Barff’s Le Mans Diary
Day Three – Wednesday Qualifying
on Monday, Tuesday was a day kicking our heels while the rest of
the field went through the technical inspections.
altogether more significant, as we built up throughout the day to
the first qualifying sessions.
It’s a strange
timetable though. No action on track until 7pm and then two, two
hour sessions with an hour’s break in between. Those of you
better at the maths than I am will realise that this means we would
finish at midnight - at least that was the theory.
The important thing in
both daylight and night time sessions is to qualify all three drivers.
Each of us in the TVR has to complete three laps.
The game plan was that
Richard Stanton would start the first session: he had no real time
in the car at the test days. Richard Hay would then take over -
he hasn’t driven with a sequential gearbox before - and I
would go last. At least that was the theory!
laps went well, and we were gradually nibbling away at the times
but taking no risks at all.
Richard Hay hopped in
and headed for the hills but radioed in with a problem almost immediately.
He had felt something was wrong with the handling and thought he
might have a puncture. With the kind of speeds we can reach here
it’s better to be safe than sorry, so Richard quite rightly
pulled over on the exit of Tertre Rouge.
He was absolutely
right, the car did have a slow puncture and if he’d continued
and had a blow out it could have been very serious, not just for
Richard but for the car too. The flailing remains of a blowout can
cause enormous damage to a racing car. The car came back slowly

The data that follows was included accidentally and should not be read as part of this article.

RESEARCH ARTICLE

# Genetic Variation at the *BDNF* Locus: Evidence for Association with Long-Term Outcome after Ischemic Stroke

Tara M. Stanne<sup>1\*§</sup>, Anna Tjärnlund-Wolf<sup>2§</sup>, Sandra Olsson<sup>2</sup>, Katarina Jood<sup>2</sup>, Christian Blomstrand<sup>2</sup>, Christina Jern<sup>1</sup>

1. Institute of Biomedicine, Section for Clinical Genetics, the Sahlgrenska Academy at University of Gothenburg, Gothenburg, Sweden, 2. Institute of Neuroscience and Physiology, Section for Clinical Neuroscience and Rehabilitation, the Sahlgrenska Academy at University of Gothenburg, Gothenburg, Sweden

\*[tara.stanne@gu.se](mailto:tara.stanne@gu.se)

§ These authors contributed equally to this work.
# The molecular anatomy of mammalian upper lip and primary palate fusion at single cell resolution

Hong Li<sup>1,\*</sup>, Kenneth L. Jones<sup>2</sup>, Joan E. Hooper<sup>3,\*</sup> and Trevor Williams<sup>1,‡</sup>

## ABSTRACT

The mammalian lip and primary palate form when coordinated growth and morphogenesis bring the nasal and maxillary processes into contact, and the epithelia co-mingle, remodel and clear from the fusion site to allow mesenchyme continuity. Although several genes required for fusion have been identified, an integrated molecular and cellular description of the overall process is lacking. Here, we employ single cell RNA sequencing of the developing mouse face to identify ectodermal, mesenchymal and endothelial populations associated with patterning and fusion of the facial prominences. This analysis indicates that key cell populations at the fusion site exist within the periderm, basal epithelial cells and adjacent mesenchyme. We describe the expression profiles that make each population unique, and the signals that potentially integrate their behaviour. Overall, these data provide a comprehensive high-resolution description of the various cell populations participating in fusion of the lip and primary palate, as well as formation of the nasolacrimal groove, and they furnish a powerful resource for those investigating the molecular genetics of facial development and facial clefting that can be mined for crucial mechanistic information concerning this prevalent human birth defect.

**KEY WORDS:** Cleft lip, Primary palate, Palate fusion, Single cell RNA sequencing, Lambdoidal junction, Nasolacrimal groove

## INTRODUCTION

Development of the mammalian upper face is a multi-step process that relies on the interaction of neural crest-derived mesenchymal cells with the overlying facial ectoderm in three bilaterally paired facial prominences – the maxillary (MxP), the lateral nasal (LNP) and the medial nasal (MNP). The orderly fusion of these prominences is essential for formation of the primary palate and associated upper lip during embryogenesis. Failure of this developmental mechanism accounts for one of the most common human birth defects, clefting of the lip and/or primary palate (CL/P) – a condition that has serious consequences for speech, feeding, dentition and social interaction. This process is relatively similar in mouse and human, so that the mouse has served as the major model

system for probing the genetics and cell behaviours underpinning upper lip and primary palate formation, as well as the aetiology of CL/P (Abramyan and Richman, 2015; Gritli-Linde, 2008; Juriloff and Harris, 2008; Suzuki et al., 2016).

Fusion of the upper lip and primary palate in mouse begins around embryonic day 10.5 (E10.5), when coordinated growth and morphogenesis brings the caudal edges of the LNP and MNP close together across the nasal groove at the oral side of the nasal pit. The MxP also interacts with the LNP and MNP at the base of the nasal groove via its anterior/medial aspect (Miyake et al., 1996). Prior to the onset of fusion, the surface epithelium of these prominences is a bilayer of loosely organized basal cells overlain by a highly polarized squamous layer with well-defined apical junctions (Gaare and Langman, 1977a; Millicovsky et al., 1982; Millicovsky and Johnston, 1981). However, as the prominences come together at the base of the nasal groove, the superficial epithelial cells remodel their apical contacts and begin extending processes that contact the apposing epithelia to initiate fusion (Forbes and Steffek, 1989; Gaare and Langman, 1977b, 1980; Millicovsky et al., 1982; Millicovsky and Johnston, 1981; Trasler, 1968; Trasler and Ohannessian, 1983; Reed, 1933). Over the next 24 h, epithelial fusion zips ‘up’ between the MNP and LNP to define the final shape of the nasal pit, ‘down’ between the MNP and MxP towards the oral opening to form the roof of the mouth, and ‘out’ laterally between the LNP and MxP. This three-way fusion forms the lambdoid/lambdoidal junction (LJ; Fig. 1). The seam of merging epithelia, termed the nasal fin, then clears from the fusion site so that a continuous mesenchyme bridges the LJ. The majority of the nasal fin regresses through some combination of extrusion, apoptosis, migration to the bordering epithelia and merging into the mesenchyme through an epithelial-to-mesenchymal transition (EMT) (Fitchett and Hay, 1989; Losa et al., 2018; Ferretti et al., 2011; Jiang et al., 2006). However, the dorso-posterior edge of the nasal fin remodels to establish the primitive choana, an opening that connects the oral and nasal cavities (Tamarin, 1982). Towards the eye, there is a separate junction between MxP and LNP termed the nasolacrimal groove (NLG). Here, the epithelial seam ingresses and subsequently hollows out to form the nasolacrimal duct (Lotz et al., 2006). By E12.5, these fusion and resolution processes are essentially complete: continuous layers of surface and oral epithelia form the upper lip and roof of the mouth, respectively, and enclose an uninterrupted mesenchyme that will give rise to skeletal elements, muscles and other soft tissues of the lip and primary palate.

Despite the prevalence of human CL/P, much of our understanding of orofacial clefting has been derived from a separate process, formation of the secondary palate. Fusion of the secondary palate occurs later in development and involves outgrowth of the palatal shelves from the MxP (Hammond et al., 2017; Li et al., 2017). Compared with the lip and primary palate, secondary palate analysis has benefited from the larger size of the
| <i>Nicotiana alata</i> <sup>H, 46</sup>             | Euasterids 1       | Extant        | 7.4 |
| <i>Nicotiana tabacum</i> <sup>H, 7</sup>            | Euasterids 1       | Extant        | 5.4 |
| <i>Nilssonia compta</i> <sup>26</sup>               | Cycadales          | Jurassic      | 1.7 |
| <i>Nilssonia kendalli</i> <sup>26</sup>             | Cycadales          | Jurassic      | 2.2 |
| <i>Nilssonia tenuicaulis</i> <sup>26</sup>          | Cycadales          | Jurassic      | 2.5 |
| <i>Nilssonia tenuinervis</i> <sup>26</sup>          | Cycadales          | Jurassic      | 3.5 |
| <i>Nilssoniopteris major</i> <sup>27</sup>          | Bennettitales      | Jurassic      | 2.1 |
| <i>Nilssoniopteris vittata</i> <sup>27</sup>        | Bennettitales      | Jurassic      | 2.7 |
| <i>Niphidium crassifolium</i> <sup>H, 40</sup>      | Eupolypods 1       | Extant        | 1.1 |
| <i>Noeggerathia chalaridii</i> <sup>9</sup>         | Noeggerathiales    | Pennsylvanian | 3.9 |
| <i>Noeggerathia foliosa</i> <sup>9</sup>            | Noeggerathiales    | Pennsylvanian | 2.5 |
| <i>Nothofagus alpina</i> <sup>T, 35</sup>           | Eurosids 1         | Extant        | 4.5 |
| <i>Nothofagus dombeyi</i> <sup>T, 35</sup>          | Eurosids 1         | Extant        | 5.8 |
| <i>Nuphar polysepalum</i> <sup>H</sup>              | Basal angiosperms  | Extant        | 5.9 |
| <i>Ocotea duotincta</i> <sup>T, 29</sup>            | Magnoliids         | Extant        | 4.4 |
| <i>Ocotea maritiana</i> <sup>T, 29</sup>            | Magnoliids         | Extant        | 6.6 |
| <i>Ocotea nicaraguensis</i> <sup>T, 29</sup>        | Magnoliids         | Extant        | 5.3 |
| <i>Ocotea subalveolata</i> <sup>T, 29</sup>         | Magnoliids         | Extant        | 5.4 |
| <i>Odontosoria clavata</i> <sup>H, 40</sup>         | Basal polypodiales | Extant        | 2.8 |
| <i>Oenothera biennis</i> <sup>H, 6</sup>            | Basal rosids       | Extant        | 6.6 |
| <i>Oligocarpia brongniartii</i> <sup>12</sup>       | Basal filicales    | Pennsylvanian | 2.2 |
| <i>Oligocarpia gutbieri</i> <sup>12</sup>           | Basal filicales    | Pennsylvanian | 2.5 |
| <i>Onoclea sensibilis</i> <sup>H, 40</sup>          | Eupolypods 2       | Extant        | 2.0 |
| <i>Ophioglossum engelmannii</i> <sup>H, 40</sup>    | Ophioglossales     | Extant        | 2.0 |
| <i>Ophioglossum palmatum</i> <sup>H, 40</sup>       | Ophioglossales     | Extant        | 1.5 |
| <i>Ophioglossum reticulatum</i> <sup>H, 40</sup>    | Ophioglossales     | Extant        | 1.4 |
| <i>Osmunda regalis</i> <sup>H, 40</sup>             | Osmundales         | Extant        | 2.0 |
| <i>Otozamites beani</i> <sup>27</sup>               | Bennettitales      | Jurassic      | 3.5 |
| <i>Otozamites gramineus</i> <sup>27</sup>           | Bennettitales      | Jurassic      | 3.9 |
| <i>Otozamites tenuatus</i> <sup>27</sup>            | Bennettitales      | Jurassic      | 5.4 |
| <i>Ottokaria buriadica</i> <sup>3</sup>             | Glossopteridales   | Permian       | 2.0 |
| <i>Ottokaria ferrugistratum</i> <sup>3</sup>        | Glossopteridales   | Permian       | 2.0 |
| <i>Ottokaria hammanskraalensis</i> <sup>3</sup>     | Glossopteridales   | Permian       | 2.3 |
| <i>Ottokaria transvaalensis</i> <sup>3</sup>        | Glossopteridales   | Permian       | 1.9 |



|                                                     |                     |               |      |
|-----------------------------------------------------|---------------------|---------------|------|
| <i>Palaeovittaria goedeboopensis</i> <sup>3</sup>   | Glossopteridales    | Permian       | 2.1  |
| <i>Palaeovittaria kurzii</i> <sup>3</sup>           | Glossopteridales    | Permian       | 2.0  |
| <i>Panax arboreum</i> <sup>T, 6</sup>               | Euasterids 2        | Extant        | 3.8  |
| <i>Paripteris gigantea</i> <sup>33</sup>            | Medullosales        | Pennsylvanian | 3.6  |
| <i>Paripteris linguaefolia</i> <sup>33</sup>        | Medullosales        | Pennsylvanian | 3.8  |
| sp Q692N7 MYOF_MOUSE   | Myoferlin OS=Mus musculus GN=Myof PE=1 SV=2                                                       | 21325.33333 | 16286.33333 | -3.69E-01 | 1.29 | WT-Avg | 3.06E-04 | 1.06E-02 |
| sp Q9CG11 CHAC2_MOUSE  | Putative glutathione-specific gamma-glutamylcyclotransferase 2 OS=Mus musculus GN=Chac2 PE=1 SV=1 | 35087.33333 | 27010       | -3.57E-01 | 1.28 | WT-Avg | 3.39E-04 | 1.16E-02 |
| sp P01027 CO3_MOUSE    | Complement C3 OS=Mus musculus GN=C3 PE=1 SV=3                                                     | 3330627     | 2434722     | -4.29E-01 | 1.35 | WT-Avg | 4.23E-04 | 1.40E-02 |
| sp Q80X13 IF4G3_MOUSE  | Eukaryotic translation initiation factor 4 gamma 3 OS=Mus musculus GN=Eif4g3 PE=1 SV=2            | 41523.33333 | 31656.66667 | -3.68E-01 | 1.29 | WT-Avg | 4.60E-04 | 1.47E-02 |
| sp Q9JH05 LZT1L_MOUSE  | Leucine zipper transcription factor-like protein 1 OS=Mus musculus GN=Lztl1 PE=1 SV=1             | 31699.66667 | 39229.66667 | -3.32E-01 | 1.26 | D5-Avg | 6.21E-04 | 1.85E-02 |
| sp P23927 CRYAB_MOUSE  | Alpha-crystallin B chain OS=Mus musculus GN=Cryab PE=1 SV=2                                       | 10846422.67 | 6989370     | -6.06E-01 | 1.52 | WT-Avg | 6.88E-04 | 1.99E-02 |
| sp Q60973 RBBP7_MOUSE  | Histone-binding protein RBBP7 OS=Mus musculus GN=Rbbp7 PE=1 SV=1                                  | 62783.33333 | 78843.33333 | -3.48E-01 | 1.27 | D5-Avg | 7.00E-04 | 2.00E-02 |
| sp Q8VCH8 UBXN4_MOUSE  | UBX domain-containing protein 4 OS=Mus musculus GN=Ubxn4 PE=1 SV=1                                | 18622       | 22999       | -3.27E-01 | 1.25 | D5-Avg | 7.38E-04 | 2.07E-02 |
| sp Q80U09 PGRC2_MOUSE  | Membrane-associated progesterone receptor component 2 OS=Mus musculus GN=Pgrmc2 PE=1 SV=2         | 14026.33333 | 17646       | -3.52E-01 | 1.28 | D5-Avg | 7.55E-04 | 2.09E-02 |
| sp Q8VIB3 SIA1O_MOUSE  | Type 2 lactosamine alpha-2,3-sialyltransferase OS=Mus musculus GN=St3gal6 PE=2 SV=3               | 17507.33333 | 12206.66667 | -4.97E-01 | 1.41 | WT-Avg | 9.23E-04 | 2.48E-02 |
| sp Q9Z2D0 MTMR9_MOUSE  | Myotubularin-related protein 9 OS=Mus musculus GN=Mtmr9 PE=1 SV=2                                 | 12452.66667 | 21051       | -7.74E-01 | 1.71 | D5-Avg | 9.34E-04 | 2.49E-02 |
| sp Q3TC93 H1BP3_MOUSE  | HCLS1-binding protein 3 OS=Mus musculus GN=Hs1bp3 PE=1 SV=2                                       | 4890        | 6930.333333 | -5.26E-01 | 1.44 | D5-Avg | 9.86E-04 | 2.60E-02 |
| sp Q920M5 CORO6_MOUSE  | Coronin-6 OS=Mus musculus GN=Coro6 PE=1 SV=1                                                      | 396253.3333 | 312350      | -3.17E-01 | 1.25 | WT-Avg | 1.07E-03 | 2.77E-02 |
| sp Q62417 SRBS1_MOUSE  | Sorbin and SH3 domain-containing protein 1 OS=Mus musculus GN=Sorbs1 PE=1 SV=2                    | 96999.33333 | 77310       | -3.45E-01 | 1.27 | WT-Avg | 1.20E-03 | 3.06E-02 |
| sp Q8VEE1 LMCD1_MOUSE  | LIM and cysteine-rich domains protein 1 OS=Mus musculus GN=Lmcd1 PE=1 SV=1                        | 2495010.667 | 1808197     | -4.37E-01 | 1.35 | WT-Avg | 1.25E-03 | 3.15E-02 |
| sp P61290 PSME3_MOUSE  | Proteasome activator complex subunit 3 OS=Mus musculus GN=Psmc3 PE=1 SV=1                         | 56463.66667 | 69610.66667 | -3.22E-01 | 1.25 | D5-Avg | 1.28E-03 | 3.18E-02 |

under its own power after the session, with no damage at all.
So we missed the better
part of the daytime session with a silly problem and I would have
to do my daytime laps in the session tomorrow. No problem, I’d
be first out in the car for the night session, we could set a decent
time and all would be right with the world. At least that was the
What actually happened
was that I started the session and on my out lap, going through
Arnage, found water spraying up the screen and over the roof. It’s
a pressurised system and the pressure cap had obviously blown off.
I returned to the pits slowly, but was then waved in for a weight
check by the ACO officials. I ended up finishing my first qualifying
lap of Le Mans pushing the car over the line.
Worse still, the team
don’t know what caused the problem, but we decided to play
better-safe-than-sorry and get to the root of the problem. We would
miss the rest of the session and it will mean taking the engine
out overnight to check it out properly.
The car has tons of potential,
we now know where progress needs to be made and we have a better
expectation of where we should be in proper qualifying trim.
Of course it’s
frustrating when things don’t go to plan and of course I still
need to qualify in both sessions on Thursday, but we have made progress.
We’ve learnt a lot from the second car. We’ve done a
lot of really valuable chassis work and if things go to plan tomorrow
we’ll qualify comfortably and get some valuable race pace
practice laps in. At least that’s the theory!
put it into practice.